Anonymous Anonymous said...

you had us rolling

12:15 AM  
Anonymous Anonymous said...

Good to here you having a fun time lately. You might try and explain the difference between a 6-shooter and a gat. They would have the same problem I bet. I don't suppose there's going to be a 4th of July celebration there. Are fireworks illegal there, or just WMD's? Anyway, we all love reading the funny stories and we need to read the serious ones. I know your last two blogs were darker than normal but don't ever hold anything back. You have the right to vent for your own sanity and the responsibility to return to your family the man that they know. The Cowboy's Fan

2:10 AM  
Anonymous Anonymous said...

We love reading your blogs. You just never know what you're gonna get! M. Pads Coach

10:20 AM  
Anonymous Anonymous said...

Hey buddy, first off, I really miss you. I do get a chance to read your blog but rarely do I respond. I think it is great that, inspite of being away from home, your sense of humor is intact and your sense of God has increased. Go ahead and vent all you want, you deserve to every once in awhile. I am looking foreward to our next hike and will leave a space open specifically for you in our planning. Any interest in Whitney again? Take care. Raiders fan.

10:56 AM  
Blogger Call Me Grandma said...

That was fun even for me and I wasn't even there. It sounds like you are going to have alot of stories to tell your son. God Bless you and stay safe.

12:47 PM  
Blogger membrain said...

That was a fun post. I was having almost as fun as you were trying to figure out the diference between the words. Thanks for serving even though your job is SNAFU. Stay as safe as you can.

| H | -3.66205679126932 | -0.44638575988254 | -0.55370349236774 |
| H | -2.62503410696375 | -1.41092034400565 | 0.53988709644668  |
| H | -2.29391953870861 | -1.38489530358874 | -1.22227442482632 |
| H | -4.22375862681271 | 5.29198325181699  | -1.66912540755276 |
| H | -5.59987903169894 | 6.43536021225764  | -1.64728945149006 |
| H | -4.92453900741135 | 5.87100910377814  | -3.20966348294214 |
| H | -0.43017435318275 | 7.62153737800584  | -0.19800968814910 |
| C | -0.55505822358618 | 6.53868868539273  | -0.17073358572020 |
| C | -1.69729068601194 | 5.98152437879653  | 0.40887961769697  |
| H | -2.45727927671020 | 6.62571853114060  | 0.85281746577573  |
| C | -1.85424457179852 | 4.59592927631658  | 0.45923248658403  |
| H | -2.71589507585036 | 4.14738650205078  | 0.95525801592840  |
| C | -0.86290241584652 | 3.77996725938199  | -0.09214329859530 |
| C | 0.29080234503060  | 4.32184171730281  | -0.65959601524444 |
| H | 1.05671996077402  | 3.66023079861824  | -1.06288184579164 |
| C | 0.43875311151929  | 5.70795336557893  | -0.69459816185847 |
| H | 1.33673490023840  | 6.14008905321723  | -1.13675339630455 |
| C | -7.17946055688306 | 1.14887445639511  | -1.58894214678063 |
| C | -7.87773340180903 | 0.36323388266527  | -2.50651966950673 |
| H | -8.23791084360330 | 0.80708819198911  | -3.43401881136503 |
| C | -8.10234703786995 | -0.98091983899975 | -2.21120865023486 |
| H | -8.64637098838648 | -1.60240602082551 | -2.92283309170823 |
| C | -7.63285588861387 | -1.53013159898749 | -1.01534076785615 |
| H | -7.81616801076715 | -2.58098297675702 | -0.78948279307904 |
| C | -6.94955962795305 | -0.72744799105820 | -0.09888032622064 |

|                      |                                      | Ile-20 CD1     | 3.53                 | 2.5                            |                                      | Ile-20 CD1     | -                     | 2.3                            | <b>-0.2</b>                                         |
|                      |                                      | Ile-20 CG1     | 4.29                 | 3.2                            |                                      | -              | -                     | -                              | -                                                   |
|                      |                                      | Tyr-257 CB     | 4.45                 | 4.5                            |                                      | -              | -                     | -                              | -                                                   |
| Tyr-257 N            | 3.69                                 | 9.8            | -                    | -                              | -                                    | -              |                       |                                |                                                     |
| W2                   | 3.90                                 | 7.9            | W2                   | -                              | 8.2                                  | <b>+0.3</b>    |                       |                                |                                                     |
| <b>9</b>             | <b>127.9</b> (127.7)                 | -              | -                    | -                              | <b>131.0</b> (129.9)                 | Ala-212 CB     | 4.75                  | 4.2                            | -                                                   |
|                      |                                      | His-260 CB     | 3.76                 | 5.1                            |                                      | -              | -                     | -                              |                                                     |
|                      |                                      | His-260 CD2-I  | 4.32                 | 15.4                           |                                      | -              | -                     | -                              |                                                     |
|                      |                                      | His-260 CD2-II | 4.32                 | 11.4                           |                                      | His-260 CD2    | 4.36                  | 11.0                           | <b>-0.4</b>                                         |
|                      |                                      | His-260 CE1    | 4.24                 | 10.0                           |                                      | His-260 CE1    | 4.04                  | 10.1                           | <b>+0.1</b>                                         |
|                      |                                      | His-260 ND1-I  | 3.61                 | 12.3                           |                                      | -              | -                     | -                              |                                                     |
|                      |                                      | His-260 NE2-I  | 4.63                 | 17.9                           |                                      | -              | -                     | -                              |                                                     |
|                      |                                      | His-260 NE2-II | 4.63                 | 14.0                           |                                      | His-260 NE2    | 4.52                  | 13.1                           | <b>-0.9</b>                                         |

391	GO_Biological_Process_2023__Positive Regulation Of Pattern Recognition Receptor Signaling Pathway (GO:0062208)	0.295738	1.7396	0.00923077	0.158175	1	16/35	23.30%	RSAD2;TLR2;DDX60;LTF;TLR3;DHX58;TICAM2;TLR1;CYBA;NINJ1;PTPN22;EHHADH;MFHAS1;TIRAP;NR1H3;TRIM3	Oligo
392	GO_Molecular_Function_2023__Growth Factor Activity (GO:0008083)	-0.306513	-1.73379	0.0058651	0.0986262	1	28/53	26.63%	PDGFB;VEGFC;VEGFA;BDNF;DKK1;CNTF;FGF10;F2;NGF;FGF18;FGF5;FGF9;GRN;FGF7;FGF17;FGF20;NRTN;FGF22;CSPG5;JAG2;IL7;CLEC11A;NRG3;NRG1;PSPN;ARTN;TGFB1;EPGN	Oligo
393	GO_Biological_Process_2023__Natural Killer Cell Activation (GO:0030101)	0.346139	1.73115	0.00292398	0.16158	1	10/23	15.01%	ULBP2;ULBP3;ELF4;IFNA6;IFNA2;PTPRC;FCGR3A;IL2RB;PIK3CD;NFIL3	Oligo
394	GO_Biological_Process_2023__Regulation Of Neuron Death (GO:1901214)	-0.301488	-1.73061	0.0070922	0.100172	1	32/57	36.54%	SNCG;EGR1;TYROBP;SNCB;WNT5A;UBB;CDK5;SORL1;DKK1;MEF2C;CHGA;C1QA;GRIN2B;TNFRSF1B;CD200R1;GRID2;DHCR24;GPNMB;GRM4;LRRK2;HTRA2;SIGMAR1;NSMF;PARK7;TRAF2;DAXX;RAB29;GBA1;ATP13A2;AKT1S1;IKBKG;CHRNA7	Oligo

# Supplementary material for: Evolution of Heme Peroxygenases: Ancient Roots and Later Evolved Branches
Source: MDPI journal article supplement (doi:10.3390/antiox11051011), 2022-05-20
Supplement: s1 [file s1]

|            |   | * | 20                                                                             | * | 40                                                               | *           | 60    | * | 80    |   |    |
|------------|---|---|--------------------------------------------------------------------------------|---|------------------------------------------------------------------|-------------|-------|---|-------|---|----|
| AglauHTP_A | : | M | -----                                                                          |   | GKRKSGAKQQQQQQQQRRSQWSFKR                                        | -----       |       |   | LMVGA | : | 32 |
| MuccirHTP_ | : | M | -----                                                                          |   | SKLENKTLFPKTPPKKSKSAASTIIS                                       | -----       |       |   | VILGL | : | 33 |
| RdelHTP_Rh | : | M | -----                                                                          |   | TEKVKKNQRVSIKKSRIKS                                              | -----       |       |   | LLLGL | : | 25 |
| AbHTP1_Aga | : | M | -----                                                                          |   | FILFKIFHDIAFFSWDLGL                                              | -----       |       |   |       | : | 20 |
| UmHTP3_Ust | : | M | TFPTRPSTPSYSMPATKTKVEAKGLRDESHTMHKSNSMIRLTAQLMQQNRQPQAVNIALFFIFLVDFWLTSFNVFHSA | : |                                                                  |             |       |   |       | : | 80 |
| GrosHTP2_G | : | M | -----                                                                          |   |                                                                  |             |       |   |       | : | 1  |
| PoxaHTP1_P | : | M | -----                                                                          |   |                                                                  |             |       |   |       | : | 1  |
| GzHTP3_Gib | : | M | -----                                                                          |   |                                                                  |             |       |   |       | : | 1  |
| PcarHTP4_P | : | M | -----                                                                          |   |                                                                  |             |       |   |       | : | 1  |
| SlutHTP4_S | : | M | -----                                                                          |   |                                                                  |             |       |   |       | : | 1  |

2:17 PM  
Anonymous towin14u said...

This entry was great. It reminded me of my experience serving in Turkey and trying to translate a simple instruction to a Turkish maid. Well stay safe and Godspeed,

A retired USAF member

3:01 AM  
Anonymous Anonymous said...

Thanks so much for the pictures, I love the pictures of you with the children, you're right that little girl is a cutie. The "Iraqui Charades" was truly hilarious and so much fun to read. You really paint a good picture when you write. Thanks so much for putting the time into staying connected with all of us back home, I found out today what you have planned when you get back, How exciting for you and your wife, I can't wait for your return! scm

2:49 PM  
Blogger Leslie said...

I just discovered your blog, I think from reading the site. I haven't laughed so hard in a long time. You are a great story teller. I hope you and your colleagues stay safe and come home soon.

Thank you for sharing your experience and for somehow maintaining an incredible sense of humor under the circumstances. Leslie

8:55 PM